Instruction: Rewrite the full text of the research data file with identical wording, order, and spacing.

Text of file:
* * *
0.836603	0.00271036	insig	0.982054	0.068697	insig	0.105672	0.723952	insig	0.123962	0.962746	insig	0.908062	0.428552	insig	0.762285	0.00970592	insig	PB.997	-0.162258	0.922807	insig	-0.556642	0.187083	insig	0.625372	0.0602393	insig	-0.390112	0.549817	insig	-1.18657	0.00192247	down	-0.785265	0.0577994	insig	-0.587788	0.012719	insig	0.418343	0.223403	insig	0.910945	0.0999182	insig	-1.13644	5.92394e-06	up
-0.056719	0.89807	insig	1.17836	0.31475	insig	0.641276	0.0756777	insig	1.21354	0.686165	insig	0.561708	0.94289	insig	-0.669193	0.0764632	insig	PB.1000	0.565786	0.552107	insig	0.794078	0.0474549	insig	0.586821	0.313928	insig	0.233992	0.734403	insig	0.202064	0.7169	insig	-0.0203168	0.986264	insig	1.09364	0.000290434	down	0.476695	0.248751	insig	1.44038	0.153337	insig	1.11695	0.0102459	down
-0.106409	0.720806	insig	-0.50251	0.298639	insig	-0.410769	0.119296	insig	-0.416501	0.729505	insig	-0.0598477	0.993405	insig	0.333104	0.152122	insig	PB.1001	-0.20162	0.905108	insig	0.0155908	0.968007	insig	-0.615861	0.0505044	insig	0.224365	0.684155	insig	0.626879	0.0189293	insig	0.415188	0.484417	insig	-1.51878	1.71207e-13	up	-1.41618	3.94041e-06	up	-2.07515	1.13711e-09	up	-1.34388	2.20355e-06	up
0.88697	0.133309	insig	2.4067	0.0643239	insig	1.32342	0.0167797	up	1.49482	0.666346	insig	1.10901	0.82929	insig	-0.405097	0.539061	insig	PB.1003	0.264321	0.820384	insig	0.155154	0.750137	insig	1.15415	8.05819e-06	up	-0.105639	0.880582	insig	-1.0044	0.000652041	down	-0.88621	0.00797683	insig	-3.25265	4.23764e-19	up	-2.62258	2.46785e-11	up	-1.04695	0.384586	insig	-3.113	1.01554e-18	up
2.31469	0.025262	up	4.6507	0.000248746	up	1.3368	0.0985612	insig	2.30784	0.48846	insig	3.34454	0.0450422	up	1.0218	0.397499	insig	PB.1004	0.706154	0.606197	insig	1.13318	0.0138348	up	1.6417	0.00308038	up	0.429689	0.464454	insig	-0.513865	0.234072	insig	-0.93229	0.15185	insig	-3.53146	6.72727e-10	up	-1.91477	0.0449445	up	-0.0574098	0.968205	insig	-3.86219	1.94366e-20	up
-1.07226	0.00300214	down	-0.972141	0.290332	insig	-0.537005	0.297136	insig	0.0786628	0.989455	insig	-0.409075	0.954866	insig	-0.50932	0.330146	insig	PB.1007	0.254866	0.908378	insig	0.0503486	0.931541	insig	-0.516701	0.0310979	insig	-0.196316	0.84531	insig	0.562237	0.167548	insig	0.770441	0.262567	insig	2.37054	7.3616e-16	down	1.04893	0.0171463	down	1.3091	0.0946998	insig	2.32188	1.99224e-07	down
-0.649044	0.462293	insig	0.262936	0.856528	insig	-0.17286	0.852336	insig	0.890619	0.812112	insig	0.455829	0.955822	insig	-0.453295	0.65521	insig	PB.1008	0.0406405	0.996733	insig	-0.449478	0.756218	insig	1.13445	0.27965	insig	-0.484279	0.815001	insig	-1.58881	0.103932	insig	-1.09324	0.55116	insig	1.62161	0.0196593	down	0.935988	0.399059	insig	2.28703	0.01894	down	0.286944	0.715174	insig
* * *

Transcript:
0.836603	0.00271036	insig	0.982054	0.068697	insig	0.105672	0.723952	insig	0.123962	0.962746	insig	0.908062	0.428552	insig	0.762285	0.00970592	insig	PB.997	-0.162258	0.922807	insig	-0.556642	0.187083	insig	0.625372	0.0602393	insig	-0.390112	0.549817	insig	-1.18657	0.00192247	down	-0.785265	0.0577994	insig	-0.587788	0.012719	insig	0.418343	0.223403	insig	0.910945	0.0999182	insig	-1.13644	5.92394e-06	up
-0.056719	0.89807	insig	1.17836	0.31475	insig	0.641276	0.0756777	insig	1.21354	0.686165	insig	0.561708	0.94289	insig	-0.669193	0.0764632	insig	PB.1000	0.565786	0.552107	insig	0.794078	0.0474549	insig	0.586821	0.313928	insig	0.233992	0.734403	insig	0.202064	0.7169	insig	-0.0203168	0.986264	insig	1.09364	0.000290434	down	0.476695	0.248751	insig	1.44038	0.153337	insig	1.11695	0.0102459	down
-0.106409	0.720806	insig	-0.50251	0.298639	insig	-0.410769	0.119296	insig	-0.416501	0.729505	insig	-0.0598477	0.993405	insig	0.333104	0.152122	insig	PB.1001	-0.20162	0.905108	insig	0.0155908	0.968007	insig	-0.615861	0.0505044	insig	0.224365	0.684155	insig	0.626879	0.0189293	insig	0.415188	0.484417	insig	-1.51878	1.71207e-13	up	-1.41618	3.94041e-06	up	-2.07515	1.13711e-09	up	-1.34388	2.20355e-06	up
0.88697	0.133309	insig	2.4067	0.0643239	insig	1.32342	0.0167797	up	1.49482	0.666346	insig	1.10901	0.82929	insig	-0.405097	0.539061	insig	PB.1003	0.264321	0.820384	insig	0.155154	0.750137	insig	1.15415	8.05819e-06	up	-0.105639	0.880582	insig	-1.0044	0.000652041	down	-0.88621	0.00797683	insig	-3.25265	4.23764e-19	up	-2.62258	2.46785e-11	up	-1.04695	0.384586	insig	-3.113	1.01554e-18	up
2.31469	0.025262	up	4.6507	0.000248746	up	1.3368	0.0985612	insig	2.30784	0.48846	insig	3.34454	0.0450422	up	1.0218	0.397499	insig	PB.1004	0.706154	0.606197	insig	1.13318	0.0138348	up	1.6417	0.00308038	up	0.429689	0.464454	insig	-0.513865	0.234072	insig	-0.93229	0.15185	insig	-3.53146	6.72727e-10	up	-1.91477	0.0449445	up	-0.0574098	0.968205	insig	-3.86219	1.94366e-20	up
-1.07226	0.00300214	down	-0.972141	0.290332	insig	-0.537005	0.297136	insig	0.0786628	0.989455	insig	-0.409075	0.954866	insig	-0.50932	0.330146	insig	PB.1007	0.254866	0.908378	insig	0.0503486	0.931541	insig	-0.516701	0.0310979	insig	-0.196316	0.84531	insig	0.562237	0.167548	insig	0.770441	0.262567	insig	2.37054	7.3616e-16	down	1.04893	0.0171463	down	1.3091	0.0946998	insig	2.32188	1.99224e-07	down
-0.649044	0.462293	insig	0.262936	0.856528	insig	-0.17286	0.852336	insig	0.890619	0.812112	insig	0.455829	0.955822	insig	-0.453295	0.65521	insig	PB.1008	0.0406405	0.996733	insig	-0.449478	0.756218	insig	1.13445	0.27965	insig	-0.484279	0.815001	insig	-1.58881	0.103932	insig	-1.09324	0.55116	insig	1.62161	0.0196593	down	0.935988	0.399059	insig	2.28703	0.01894	down	0.286944	0.715174	insig